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MATTHEW OF WESTMINSTER The flowers of history, especially such as relate to the affairs of Britain. Vol. I. B.C. 4004 to A.D. 1066.


Sir John Froissart's Chronicles of England, France, Spain and the Ajoining Countries from the latter part of the reign of Edward II to the coronation of Henry IV in 12 volumes 

Chronicles of Enguerrand De Monstrelet (Sir John Froissart's Chronicles continuation) in 13 volumes 

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The flowers of history, especially such as relate to the affairs of Britain. Vol. I. B.C. 4004 to A.D. 1066.
page 163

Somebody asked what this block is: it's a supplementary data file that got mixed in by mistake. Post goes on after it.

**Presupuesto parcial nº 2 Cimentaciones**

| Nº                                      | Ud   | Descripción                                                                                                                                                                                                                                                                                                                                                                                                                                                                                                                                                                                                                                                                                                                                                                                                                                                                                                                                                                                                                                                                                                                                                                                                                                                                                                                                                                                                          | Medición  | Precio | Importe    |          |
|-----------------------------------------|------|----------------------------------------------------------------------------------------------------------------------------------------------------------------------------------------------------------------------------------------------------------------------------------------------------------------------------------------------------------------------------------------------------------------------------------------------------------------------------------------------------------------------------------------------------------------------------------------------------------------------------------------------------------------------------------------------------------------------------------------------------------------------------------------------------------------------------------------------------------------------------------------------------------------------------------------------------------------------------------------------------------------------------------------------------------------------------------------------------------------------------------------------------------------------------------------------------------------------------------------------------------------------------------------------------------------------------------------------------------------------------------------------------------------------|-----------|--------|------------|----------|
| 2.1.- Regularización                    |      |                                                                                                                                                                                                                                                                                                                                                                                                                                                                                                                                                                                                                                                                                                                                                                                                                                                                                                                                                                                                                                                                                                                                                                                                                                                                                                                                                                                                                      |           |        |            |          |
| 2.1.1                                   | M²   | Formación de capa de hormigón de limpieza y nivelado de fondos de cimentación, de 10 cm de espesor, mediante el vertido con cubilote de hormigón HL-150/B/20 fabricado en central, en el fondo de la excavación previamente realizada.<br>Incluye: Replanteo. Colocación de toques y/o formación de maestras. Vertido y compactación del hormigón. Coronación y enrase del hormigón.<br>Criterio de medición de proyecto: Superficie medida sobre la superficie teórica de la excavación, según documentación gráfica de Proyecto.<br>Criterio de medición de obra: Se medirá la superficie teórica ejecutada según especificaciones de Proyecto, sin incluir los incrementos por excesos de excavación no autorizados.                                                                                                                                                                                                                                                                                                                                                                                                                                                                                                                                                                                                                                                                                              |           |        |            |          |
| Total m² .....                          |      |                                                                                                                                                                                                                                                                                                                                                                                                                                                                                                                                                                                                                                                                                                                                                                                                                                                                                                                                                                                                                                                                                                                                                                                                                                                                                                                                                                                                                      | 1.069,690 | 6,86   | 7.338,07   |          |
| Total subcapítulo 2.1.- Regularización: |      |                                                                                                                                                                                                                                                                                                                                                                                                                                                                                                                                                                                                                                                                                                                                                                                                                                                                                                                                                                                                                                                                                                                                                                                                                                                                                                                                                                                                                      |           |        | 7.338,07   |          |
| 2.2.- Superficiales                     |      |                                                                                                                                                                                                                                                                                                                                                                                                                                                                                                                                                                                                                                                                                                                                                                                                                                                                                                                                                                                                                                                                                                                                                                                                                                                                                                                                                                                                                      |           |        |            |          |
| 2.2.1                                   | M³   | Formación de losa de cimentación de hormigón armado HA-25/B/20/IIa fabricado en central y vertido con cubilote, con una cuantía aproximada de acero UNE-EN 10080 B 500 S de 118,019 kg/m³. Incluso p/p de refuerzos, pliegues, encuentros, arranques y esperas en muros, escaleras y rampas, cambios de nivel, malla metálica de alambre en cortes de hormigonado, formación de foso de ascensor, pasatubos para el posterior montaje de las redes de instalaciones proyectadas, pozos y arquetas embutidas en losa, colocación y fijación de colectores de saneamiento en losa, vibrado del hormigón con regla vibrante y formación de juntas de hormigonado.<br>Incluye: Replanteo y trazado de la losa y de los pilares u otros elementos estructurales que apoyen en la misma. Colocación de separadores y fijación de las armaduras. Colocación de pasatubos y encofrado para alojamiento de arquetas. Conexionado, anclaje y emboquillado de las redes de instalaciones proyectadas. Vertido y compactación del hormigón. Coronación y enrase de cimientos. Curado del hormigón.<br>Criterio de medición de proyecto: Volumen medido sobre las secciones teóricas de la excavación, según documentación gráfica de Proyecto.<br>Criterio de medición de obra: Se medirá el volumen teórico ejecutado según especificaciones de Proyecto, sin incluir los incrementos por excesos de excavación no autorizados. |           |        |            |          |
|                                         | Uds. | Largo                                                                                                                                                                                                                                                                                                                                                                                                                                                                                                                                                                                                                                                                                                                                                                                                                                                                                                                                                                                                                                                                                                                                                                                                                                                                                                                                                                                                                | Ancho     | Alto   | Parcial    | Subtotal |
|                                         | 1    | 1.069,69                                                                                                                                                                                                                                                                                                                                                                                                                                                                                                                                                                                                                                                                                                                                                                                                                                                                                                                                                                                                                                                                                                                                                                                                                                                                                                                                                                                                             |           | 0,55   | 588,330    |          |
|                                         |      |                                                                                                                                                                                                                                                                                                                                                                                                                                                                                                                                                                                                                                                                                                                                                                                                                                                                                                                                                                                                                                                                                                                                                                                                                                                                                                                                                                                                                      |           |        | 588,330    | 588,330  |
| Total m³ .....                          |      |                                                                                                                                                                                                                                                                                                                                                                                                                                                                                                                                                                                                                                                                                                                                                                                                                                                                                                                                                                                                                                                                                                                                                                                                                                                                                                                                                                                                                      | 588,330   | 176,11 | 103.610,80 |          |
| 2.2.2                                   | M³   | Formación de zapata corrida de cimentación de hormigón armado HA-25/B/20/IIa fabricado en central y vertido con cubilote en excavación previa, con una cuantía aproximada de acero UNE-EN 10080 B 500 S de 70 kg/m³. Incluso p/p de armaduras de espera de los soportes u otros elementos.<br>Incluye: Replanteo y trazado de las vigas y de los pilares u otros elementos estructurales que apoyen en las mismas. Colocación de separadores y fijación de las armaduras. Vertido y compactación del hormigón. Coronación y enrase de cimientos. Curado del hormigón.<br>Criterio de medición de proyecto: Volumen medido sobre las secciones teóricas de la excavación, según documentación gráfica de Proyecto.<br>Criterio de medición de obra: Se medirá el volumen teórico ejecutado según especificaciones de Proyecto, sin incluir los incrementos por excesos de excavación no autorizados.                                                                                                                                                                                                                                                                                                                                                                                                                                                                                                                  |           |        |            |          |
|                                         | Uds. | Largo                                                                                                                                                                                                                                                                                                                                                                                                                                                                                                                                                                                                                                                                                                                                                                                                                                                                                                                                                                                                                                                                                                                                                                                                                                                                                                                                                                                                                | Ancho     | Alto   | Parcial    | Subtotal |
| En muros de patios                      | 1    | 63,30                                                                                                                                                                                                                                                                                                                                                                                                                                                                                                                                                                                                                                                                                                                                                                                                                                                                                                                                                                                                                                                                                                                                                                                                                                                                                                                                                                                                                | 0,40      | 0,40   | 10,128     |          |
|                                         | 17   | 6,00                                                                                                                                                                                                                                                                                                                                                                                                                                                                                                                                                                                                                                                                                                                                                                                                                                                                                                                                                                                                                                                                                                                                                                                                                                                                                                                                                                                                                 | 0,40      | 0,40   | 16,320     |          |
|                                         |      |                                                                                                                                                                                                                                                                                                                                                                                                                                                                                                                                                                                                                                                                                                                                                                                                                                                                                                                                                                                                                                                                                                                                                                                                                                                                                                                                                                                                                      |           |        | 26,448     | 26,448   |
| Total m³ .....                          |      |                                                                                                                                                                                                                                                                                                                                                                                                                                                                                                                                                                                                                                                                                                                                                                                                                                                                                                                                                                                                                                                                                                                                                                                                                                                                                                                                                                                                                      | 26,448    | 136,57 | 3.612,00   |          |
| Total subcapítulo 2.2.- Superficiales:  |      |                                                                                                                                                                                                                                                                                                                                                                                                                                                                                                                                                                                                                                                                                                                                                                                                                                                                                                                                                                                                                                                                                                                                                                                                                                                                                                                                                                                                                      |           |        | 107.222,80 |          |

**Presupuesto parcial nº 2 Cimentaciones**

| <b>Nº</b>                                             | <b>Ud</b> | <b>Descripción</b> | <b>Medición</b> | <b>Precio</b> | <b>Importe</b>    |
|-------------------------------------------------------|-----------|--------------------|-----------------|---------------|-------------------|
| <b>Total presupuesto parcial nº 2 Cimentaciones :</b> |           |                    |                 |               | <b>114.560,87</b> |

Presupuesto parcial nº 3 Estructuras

A.D. 76. The Picts who had come with Roderic into Britain, haying no wives, asked the Britons to give them their daughters and kinswomen in marriage. But when they were refused, they crossed over the sea into Ireland, and bringing back women out of that country, they begot children who were all after their own likeness, men of moderate stature. A.D. 77. The people who derived their origin from the Picts and from the Irish/begun to be called Scots, as a people made up of different nations. For that is called " Scot" which is collected from many things into one heap. [Moreover, that land which was formerly called Albany, now gets the name of Scotland from the Scots. A.D. 78. Marius, king of the Britons, departed this life, and left Coillus, his son, as his successor. He having been brought up in Borne from his infancy, was much beloved by the senate. For he paid the tribute which was demanded of him, and ruled his kingdom in peace and tranquillity. A.D. 79. John the Evangelist was accounted very eminent in the church of the Bphesians. For having founded seven churches in that city, the names of which we read in the Apocalypse, he took care to ordain suitable ministers in* all of them. A.D. 80. Vespasian died at Borne of a flux of the belly, in the seventeenth year of his reign. But some say that he died of a violent attack of fever. A.D. 81. Titus, the son of Vespasian, succeeded to the empire, and reigned two years, and as many months ; a man admirable for every kind of virtue to such a degree, that he was called the love and delight of the human race. He was so merciful in his government that he shed no blood whatever, but dismissed some men who had been convicted of conspiracy against him, and retained them in the same intimacy with himself as they had previously been. A.D. 82. Titus was passing the second year of hie reign. He built an amphitheatre at Rome, and at his dedication he killed five thousand wild beasts. He was also so far the most eloquent man of his day, that he pleaded causes in Latin, and composed poems and tragedies in Greek. He also said that he had lost a day, when one had passed in which he had done no good. At last he died in the city of Rome, to the great grief of all the citizens.

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